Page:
I do my testing inside a running Python shell — just type python and you can start entering python commands right into the interpreter. I personally use IPython as much as possible, because its shell is so much nicer to use than the standard one. At first, my call to get_roster() was returning an error; this was because I hadn’t noticed, in dissecting the inheritance structure, that I had to call connect() first! However, after my trial and error phase were completed, I came up with the above code, which I saved as and tested using python orkiv/ password. I tested it with a throw-away Google account and my own personal jabber server. Works like a charm!

The script itself first imports a couple modules and creates a ClientXMPP object, passing in the username (in the form “username@server.tld”) and passwords from the command line. Then it calls several methods on this object to do some jabbery stuff. Then I output the value of the roster (“buddy list”), and disconnect.

Printing a buddy list on login button click

We could just copy the code above into the login() method and modify it to use the jabber id and password we got from the form. However, that would be rather short-sighted. We know we’re going to need to keep this ClientXMPP object around longer than a single button click, and indeed, longer than the lifetime of the login form. So instead, lets add a method to the Orkiv application object itself:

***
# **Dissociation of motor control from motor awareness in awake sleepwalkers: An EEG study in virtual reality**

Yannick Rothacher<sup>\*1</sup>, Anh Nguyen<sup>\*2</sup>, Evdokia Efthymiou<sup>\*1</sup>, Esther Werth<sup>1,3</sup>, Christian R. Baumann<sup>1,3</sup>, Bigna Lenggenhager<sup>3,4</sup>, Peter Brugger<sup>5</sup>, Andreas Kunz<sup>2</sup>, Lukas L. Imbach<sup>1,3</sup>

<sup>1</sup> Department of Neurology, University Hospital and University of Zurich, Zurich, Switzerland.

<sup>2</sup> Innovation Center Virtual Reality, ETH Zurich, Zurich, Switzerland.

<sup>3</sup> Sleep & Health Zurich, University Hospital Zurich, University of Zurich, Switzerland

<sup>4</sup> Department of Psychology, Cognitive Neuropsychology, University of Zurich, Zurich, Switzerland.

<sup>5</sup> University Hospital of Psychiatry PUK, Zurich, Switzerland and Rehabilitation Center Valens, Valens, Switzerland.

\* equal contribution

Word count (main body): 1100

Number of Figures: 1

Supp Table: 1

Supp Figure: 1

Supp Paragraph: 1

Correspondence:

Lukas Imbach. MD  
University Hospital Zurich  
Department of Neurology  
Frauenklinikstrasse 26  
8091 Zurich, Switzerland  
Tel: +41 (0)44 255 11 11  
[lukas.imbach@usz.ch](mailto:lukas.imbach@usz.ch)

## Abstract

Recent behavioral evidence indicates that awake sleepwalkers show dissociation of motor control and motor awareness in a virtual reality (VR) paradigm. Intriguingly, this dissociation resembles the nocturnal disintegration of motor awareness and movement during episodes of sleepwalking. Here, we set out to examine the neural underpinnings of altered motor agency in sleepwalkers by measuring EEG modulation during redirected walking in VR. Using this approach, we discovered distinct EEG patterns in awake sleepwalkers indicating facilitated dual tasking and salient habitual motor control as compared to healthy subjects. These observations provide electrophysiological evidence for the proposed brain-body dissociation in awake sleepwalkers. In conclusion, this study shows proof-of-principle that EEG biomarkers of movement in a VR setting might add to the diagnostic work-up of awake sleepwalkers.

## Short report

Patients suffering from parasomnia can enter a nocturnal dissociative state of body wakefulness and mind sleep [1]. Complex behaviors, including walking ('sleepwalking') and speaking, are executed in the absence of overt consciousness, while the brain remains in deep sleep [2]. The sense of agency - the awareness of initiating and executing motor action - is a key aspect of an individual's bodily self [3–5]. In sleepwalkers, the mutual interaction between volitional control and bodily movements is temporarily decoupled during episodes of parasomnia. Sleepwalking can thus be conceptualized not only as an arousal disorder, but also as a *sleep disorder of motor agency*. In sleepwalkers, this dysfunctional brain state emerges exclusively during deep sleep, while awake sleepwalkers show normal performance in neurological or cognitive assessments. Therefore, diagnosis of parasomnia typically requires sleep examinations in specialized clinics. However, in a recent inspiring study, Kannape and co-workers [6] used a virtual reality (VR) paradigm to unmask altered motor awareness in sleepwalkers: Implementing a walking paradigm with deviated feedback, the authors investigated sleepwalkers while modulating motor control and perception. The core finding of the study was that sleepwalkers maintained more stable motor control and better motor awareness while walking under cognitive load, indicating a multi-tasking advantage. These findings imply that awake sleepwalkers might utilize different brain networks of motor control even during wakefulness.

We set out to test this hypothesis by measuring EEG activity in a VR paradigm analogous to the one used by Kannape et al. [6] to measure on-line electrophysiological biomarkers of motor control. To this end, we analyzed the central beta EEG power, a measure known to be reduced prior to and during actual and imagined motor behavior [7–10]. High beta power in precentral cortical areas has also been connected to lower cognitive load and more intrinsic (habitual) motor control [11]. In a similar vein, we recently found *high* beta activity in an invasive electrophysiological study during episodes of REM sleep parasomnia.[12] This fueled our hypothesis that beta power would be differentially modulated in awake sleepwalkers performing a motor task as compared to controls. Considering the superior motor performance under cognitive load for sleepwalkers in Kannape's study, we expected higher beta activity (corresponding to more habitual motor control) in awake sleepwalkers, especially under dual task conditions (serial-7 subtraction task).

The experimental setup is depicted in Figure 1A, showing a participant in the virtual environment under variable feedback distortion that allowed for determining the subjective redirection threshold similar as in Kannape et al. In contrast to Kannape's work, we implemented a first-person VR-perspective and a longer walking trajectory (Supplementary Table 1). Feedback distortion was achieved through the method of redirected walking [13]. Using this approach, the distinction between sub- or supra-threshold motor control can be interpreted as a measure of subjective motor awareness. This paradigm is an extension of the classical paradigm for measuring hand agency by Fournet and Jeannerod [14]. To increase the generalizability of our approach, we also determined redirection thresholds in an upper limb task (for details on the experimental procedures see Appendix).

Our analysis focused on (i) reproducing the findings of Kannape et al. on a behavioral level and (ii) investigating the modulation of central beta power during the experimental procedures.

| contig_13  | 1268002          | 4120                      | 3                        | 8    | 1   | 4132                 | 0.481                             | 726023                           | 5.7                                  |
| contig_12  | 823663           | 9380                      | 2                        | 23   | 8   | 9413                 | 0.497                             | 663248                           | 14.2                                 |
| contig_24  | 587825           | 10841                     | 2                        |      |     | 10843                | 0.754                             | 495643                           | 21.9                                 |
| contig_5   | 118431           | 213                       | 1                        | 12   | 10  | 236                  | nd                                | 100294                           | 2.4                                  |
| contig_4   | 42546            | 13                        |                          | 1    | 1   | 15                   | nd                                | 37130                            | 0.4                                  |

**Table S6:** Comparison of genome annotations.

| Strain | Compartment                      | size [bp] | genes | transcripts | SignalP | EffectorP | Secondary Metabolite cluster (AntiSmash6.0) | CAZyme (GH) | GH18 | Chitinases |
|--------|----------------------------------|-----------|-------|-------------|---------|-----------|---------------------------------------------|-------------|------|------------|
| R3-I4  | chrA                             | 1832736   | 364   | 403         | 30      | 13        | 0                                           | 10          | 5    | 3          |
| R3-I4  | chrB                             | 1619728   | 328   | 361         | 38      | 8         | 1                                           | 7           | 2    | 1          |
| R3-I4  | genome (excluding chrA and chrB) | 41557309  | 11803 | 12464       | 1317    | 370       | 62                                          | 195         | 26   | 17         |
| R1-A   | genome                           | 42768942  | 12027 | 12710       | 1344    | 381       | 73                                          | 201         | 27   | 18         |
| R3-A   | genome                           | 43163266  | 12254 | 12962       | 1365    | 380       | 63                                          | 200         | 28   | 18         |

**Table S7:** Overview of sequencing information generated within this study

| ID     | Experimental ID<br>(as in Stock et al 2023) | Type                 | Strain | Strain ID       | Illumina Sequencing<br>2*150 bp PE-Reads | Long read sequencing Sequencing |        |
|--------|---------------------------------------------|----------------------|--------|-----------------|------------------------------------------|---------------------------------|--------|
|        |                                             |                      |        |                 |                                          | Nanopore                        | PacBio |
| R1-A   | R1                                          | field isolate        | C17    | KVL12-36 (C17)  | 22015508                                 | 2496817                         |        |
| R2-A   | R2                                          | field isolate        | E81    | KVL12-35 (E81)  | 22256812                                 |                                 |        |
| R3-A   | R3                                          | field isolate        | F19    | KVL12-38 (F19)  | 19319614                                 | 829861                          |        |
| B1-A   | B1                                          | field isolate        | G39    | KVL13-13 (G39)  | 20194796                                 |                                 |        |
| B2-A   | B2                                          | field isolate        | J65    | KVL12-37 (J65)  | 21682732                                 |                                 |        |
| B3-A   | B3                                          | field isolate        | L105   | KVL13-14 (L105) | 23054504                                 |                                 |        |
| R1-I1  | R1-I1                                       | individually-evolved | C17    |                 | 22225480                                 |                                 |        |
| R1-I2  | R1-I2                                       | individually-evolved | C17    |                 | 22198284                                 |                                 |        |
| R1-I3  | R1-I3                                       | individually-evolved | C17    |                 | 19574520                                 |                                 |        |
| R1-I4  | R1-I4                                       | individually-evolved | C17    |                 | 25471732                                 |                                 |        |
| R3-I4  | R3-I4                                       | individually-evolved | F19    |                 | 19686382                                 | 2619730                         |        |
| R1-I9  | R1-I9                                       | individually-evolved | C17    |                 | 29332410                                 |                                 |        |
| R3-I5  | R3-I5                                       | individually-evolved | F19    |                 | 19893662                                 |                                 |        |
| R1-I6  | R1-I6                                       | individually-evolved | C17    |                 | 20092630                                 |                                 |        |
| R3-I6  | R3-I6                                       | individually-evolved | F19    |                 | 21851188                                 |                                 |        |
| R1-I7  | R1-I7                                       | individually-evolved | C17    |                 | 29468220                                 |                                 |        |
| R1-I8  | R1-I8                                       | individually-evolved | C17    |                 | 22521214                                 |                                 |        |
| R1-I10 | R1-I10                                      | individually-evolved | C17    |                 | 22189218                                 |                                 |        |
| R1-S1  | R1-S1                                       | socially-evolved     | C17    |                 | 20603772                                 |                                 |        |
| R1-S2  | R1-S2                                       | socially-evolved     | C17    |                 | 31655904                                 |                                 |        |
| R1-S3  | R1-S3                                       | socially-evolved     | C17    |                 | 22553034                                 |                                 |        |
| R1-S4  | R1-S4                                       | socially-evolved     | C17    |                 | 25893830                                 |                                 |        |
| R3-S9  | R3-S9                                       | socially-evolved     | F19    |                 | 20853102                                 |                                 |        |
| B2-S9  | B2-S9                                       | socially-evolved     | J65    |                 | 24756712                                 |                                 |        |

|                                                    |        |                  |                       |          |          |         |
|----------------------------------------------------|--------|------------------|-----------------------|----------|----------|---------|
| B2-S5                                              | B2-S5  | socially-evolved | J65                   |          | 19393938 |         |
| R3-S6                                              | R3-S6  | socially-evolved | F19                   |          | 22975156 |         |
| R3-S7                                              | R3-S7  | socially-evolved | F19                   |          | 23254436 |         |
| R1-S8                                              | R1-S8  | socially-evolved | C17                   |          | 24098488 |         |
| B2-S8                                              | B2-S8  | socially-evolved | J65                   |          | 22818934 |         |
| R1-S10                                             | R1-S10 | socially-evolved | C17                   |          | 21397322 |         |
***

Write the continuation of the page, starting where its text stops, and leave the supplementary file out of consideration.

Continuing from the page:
from sleekxmpp import ClientXMPP # at the top of the file

class Orkiv(App):
def connect_to_jabber(self, jabber_id, password):
self.xmpp = sleekxmpp.ClientXMPP(jabber_id, password)

That’s a pretty simple method that creates an xmpp attribute on the app class and runs the boilerplate code for connecting to jabber, as we discovered in the script above. Of course, this method won’t actually do anything if we don’t call it from somewhere. The obvious place to do that, of course is when we click the login button. The correct thing to do will be to connect to jabber and then render a buddy list in the window, but we’re running out of space, so let’s just print it to the console:

def login(self):
jabber_id = self.username_box.text + "@" + self.server_box.text
password = self.password_box.text

app = Orkiv.get_running_app()
app.connect_to_jabber(jabber_id, password)